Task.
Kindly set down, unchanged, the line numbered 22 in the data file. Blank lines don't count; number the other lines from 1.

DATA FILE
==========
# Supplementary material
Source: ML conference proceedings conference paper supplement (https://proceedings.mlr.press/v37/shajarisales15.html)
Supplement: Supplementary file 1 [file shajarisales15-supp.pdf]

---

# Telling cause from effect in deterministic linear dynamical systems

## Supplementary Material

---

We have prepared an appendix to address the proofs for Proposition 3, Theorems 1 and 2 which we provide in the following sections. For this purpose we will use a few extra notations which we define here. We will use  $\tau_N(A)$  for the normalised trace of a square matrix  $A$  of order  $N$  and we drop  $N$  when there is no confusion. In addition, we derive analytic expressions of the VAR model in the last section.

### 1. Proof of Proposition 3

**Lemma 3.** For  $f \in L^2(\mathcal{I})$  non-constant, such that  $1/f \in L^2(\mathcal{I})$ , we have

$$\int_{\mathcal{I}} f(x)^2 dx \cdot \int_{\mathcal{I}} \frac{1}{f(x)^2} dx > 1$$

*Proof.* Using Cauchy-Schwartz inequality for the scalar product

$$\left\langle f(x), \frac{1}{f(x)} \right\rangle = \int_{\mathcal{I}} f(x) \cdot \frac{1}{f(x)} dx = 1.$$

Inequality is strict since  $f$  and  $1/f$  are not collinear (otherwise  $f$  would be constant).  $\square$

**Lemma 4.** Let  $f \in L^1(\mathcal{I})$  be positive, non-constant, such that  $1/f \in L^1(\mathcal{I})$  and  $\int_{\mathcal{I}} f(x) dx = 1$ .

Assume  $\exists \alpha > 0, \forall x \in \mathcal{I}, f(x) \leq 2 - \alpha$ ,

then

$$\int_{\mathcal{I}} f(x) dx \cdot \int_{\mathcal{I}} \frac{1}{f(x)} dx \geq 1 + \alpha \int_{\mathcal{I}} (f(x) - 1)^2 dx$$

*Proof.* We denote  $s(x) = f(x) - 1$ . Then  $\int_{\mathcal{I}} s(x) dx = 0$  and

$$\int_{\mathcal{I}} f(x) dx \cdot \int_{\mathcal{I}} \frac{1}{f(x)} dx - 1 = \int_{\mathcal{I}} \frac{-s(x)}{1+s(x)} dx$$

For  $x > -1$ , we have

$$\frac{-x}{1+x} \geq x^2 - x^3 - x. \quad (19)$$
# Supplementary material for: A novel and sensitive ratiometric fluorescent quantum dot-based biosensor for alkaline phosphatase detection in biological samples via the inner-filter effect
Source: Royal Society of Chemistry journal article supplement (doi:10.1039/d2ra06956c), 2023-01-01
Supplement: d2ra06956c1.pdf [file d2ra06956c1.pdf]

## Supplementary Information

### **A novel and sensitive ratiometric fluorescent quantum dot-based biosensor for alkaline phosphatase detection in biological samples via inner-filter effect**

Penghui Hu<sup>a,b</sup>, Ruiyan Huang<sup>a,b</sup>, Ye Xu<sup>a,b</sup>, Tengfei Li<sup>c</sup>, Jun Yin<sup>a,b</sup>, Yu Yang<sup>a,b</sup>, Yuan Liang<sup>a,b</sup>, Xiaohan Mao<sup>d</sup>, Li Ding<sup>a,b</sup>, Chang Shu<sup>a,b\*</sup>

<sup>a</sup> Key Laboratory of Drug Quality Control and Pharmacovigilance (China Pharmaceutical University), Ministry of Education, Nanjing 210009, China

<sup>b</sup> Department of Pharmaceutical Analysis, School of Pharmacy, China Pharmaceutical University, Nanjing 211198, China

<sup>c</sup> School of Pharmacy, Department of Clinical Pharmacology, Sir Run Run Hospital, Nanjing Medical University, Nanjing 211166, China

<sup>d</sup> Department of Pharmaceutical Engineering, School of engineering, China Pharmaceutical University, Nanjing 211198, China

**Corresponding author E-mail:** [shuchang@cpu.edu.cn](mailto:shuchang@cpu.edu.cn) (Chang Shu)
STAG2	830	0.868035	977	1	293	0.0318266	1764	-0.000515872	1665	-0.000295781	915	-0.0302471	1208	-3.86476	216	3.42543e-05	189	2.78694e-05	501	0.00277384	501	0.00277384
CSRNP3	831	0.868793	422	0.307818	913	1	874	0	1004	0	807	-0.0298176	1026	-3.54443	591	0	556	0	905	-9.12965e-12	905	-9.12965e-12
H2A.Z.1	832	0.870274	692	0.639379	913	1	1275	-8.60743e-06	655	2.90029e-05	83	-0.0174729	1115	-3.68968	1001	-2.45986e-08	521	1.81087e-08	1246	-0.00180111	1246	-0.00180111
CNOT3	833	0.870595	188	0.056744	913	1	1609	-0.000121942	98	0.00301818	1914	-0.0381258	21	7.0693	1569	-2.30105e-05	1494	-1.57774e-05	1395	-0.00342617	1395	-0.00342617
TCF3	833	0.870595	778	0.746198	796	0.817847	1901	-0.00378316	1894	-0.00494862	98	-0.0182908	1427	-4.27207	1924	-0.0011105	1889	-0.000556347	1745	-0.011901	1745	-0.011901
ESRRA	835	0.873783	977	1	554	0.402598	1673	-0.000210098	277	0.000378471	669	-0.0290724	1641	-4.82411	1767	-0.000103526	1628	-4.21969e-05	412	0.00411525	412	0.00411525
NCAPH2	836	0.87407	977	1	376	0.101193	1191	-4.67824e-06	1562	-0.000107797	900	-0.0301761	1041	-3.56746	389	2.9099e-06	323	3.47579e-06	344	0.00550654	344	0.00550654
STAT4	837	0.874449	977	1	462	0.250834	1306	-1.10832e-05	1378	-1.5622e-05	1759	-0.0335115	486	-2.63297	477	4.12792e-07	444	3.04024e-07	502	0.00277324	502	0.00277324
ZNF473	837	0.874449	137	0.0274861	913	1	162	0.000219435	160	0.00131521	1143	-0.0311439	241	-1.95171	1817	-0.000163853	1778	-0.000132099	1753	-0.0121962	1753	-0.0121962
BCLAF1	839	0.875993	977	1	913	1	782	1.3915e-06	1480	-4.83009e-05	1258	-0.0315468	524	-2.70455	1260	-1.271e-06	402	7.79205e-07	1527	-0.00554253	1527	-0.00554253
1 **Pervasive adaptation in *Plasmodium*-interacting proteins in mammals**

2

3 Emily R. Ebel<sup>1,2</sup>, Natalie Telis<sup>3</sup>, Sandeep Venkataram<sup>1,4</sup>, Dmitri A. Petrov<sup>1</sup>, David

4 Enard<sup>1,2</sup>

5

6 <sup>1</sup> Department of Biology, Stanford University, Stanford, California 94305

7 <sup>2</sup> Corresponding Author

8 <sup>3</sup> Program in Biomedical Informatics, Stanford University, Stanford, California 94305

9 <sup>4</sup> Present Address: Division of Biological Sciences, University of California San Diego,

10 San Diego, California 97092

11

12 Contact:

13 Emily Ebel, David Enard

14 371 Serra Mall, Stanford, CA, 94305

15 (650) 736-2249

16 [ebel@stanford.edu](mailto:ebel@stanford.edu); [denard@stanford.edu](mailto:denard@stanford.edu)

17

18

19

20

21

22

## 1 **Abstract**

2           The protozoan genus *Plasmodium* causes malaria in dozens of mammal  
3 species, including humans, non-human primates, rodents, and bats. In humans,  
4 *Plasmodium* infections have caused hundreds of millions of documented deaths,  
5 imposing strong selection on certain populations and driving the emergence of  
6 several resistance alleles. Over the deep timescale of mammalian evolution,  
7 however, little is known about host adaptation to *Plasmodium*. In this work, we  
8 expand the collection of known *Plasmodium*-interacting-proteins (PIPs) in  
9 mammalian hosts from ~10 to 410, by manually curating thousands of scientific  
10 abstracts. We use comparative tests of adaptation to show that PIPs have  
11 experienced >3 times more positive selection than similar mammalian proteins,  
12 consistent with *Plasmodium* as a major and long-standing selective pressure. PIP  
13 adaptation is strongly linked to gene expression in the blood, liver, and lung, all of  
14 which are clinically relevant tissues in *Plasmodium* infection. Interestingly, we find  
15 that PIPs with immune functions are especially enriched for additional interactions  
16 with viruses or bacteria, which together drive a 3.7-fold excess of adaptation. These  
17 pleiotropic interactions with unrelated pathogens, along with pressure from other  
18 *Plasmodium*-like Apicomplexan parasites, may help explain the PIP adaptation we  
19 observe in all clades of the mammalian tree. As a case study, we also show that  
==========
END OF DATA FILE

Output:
$$\frac{-x}{1+x} \geq x^2 - x^3 - x. \quad (19)$$